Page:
The first fairly obvious item on the tick list is to make absolutely sure that you have signed contracts with all of your suppliers before they start work, or start providing supplies. Now whilst businesses these days seem much more diligent about ensuring that they have major suppliers on contract, I still very regularly see examples of businesses that have don’t have any contracts with their smaller suppliers. And from time to time I see the odd major supply arrangement without contracts. Its fair to say that failing to have any contract at all is like owning a car and having no insurance against accidentally running into the next door neighbour’s merc. The kind of issues that could arise with your supplier are almost countless, and failing to have a contract to provide a reference for how to deal with things that go wrong is akin to business suicide. Contracts don’t have to be difficult to prepare once you have some templates in place. And the mere process of negotiating the right clauses forces you to have those important discussions at the outset about how you will deal with things that don’t go to plan.
2. Get specific.
Now that you have your standard terms in place, make sure that you come back to the specifics of what you require out of your contract. Things like:
- Exactly what is required to be provided, and to what standard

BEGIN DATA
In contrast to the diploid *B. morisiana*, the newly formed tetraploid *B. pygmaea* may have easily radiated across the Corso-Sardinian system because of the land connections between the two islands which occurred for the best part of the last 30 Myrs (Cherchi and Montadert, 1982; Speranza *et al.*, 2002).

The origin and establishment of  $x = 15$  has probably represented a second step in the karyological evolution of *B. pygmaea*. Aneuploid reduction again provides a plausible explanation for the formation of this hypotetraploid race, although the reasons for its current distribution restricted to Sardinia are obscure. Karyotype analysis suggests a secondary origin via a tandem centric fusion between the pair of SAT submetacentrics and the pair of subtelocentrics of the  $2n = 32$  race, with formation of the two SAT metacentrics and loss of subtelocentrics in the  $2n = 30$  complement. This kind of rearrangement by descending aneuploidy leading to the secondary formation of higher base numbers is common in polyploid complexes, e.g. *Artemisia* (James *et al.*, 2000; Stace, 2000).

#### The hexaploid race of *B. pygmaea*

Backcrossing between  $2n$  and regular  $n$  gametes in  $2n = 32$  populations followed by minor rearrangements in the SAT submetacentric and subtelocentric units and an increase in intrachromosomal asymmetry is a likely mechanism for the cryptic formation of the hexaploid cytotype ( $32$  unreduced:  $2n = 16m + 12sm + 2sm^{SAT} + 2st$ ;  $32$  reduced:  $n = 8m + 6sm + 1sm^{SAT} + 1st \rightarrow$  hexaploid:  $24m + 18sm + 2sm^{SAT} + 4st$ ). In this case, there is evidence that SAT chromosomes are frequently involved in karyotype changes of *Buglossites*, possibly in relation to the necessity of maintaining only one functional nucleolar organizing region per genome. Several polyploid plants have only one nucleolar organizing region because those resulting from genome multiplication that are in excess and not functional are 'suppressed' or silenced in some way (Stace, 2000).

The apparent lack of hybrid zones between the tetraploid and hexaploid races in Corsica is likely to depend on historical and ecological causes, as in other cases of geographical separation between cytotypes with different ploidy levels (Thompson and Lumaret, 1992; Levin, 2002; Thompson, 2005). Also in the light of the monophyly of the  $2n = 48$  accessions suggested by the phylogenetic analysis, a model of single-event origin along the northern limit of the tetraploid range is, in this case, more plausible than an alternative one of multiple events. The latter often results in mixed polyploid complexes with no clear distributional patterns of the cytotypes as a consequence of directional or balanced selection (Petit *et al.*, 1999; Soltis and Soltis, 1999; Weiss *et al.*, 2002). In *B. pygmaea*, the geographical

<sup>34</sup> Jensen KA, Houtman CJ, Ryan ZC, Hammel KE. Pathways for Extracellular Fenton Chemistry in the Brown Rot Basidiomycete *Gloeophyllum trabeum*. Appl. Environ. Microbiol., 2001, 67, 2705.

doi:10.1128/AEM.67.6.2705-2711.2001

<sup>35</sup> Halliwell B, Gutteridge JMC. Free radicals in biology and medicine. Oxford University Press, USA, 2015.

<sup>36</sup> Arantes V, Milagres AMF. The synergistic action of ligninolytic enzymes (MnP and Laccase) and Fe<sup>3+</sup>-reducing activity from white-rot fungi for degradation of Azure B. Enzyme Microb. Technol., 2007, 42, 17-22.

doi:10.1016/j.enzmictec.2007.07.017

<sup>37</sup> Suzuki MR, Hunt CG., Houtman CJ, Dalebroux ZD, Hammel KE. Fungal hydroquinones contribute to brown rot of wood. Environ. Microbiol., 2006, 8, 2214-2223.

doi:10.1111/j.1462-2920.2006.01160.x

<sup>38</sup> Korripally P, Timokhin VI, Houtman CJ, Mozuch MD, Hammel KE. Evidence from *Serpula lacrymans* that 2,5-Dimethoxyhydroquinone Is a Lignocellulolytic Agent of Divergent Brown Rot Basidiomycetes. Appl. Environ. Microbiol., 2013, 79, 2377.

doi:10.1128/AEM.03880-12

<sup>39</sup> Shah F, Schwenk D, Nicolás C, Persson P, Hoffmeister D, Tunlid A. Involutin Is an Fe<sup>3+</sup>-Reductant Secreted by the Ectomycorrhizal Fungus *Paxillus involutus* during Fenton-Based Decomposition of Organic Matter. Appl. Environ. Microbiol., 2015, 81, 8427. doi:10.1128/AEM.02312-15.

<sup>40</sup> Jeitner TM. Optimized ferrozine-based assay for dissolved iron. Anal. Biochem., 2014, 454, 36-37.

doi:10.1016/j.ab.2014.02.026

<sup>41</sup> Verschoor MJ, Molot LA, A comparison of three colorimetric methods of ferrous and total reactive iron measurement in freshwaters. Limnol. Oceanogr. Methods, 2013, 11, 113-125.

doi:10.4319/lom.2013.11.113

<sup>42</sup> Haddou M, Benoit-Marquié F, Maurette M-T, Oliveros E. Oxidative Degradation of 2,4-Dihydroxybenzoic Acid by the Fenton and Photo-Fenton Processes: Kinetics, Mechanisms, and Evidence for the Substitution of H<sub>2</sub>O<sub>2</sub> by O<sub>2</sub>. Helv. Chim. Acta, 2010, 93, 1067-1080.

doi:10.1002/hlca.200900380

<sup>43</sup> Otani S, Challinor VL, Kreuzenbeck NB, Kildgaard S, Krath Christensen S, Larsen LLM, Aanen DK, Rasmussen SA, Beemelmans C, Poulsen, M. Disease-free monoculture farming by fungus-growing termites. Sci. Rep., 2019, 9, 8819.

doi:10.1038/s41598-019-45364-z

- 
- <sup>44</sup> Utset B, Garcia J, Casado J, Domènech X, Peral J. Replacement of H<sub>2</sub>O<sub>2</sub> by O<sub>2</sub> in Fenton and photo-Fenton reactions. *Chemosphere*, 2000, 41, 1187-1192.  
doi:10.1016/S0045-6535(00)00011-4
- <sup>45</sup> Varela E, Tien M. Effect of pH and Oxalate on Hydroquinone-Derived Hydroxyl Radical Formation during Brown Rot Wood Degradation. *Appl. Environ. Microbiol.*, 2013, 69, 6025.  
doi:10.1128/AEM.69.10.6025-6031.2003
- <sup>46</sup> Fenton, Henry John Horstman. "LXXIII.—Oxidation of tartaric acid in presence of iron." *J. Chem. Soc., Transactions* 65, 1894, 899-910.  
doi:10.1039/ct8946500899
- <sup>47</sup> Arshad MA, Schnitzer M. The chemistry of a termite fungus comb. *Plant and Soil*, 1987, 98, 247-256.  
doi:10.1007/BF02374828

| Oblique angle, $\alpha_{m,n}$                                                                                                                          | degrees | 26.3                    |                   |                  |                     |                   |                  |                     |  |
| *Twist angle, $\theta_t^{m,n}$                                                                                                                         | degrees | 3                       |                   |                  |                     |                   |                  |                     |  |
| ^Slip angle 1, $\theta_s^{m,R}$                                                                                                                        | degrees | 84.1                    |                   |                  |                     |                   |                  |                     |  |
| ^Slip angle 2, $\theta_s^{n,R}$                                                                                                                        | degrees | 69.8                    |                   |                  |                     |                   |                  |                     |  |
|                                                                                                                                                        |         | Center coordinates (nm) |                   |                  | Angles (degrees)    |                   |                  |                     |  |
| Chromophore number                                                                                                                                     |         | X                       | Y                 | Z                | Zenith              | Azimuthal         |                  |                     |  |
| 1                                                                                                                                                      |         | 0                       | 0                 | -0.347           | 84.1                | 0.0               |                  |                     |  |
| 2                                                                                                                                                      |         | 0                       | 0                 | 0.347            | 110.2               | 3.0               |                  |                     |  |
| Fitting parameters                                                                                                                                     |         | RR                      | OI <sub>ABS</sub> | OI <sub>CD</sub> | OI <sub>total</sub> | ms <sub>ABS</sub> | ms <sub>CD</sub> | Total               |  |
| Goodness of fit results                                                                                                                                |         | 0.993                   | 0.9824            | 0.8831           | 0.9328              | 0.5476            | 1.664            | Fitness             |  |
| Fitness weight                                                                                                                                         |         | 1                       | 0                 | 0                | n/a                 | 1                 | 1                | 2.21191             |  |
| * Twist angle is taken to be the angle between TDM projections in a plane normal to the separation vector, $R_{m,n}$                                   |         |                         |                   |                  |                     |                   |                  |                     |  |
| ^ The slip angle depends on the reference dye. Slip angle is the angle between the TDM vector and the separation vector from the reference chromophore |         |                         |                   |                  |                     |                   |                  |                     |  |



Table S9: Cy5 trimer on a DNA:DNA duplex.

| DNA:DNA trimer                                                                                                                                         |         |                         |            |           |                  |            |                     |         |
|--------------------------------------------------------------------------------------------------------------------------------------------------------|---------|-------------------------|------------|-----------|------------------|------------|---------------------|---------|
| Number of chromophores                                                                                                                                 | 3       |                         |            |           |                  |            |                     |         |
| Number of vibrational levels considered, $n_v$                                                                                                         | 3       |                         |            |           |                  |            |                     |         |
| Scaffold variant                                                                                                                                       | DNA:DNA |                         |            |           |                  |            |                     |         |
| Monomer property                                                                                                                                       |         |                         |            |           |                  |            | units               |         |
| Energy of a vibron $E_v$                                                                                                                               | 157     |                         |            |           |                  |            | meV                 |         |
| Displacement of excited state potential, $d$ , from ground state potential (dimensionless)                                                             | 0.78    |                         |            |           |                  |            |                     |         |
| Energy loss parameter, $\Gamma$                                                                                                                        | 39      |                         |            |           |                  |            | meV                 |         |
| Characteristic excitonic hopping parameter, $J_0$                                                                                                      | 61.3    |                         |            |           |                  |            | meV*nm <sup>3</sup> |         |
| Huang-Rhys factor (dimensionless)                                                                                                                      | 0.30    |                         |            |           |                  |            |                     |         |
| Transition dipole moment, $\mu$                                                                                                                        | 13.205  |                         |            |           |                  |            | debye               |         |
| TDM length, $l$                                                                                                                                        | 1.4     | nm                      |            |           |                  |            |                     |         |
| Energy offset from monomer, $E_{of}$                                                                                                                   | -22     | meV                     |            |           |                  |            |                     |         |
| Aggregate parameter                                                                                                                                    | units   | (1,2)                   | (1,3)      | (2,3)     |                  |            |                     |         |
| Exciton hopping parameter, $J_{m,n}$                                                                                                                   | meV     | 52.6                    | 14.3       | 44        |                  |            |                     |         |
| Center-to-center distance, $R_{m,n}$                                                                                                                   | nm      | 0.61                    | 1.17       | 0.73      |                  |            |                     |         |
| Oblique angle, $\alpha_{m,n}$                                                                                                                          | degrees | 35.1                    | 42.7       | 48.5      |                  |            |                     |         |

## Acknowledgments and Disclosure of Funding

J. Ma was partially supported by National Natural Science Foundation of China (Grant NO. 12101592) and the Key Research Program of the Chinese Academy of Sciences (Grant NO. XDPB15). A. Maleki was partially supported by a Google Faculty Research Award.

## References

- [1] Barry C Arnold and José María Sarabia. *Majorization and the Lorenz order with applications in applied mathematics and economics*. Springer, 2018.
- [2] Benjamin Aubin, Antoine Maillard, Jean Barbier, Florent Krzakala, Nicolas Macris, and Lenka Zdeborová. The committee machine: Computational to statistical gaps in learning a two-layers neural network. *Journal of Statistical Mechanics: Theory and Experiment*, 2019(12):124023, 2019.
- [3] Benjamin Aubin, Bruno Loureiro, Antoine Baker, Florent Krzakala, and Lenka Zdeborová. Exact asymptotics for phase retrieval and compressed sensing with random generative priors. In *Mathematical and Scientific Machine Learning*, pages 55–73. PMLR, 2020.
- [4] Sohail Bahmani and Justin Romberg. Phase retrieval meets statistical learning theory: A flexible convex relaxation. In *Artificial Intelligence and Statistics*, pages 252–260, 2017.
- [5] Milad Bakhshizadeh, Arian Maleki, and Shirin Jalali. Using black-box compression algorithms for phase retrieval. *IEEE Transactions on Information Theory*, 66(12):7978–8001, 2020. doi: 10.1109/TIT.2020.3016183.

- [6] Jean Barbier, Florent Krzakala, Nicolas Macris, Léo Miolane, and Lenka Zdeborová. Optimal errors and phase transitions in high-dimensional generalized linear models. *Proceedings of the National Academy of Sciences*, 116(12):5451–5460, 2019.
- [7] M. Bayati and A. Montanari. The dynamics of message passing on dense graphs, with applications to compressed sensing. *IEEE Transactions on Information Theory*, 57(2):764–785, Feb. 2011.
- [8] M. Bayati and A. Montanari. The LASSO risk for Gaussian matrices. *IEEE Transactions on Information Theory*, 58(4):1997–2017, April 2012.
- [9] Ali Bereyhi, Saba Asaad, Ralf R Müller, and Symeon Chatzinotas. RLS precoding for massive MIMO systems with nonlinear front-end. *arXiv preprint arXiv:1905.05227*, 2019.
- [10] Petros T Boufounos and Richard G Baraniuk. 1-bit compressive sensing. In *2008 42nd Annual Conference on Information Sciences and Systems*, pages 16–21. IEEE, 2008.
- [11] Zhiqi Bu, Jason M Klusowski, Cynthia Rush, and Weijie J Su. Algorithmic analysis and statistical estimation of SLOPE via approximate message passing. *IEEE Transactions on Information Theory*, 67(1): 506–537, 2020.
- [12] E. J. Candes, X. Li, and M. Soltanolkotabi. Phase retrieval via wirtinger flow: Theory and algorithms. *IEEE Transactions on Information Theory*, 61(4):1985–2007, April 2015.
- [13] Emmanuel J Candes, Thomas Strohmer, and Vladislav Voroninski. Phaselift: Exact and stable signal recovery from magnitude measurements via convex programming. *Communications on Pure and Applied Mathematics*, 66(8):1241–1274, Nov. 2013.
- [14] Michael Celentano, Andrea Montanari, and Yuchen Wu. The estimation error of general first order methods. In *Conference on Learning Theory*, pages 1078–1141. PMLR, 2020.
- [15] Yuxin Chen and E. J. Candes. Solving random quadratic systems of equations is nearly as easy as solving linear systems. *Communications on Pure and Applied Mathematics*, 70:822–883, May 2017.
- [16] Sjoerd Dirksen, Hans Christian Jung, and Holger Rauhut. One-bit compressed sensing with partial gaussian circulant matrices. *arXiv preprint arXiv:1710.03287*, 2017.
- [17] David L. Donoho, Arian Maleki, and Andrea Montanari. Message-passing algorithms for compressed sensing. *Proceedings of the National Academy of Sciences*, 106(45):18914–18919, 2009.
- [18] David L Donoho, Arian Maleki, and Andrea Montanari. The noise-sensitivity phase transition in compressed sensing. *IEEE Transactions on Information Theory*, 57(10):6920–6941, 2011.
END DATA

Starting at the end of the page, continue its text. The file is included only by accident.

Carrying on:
- How that output and standard will be measured (acceptance testing)
- Timings for delivery of each of the stages/milestones
- How issues will be resolved if they come up
* at our contract law seminars we provide a full checklist of the types of things to consider when putting together the specifics of each supplier contract
3. Be clear about the remedy.
Now this step is one of the most important. You must ensure that you have tied your specifics (above) to a remedy if the supplier doesn’t comply.
Here is a short list of some of the kinds of remedies you could consider:
- Will you have the right to pull out (terminate) and find another supplier?
- Will you have the right to refunds or rebates or other concessions?
- Will you have some other right?
But just remember – if you want a right of termination, specify it!
4. Make sure your contract is a living document.
And while having a contract of some description is of course better than the alternative, a contract that’s neglected in the bottom drawer can produce the same result as where there is no contract at all.
Make sure that you take the time during the term of your agreement to measure your supplier’s achievement of the specifics that you have included in your agreement, and take immediate action if it hasn’t been. Because failing to monitor the progress of your supplier, or its ongoing compliance with your requirements, is simply allowing problems to worsen rather than heading them off as they start to occur.
So in the end, your aim is just to ensure you don’t end up in a position like Ultimo, who ended up having to pay the full bill for the services, together with legal costs, for a product that just didn’t work. Imagine how different the result may have been for them if they had read this article first, and gotten together a contract before Liquid Visions began work – that specified what they required from the new system and when they required that by.
Make sure you don’t fall into the same trap – maybe now is a good time to go and dot your i’s and cross your t’s to make sure you don’t become the next example…
In future editions, we will cover what sorts of things should be included in your contracts.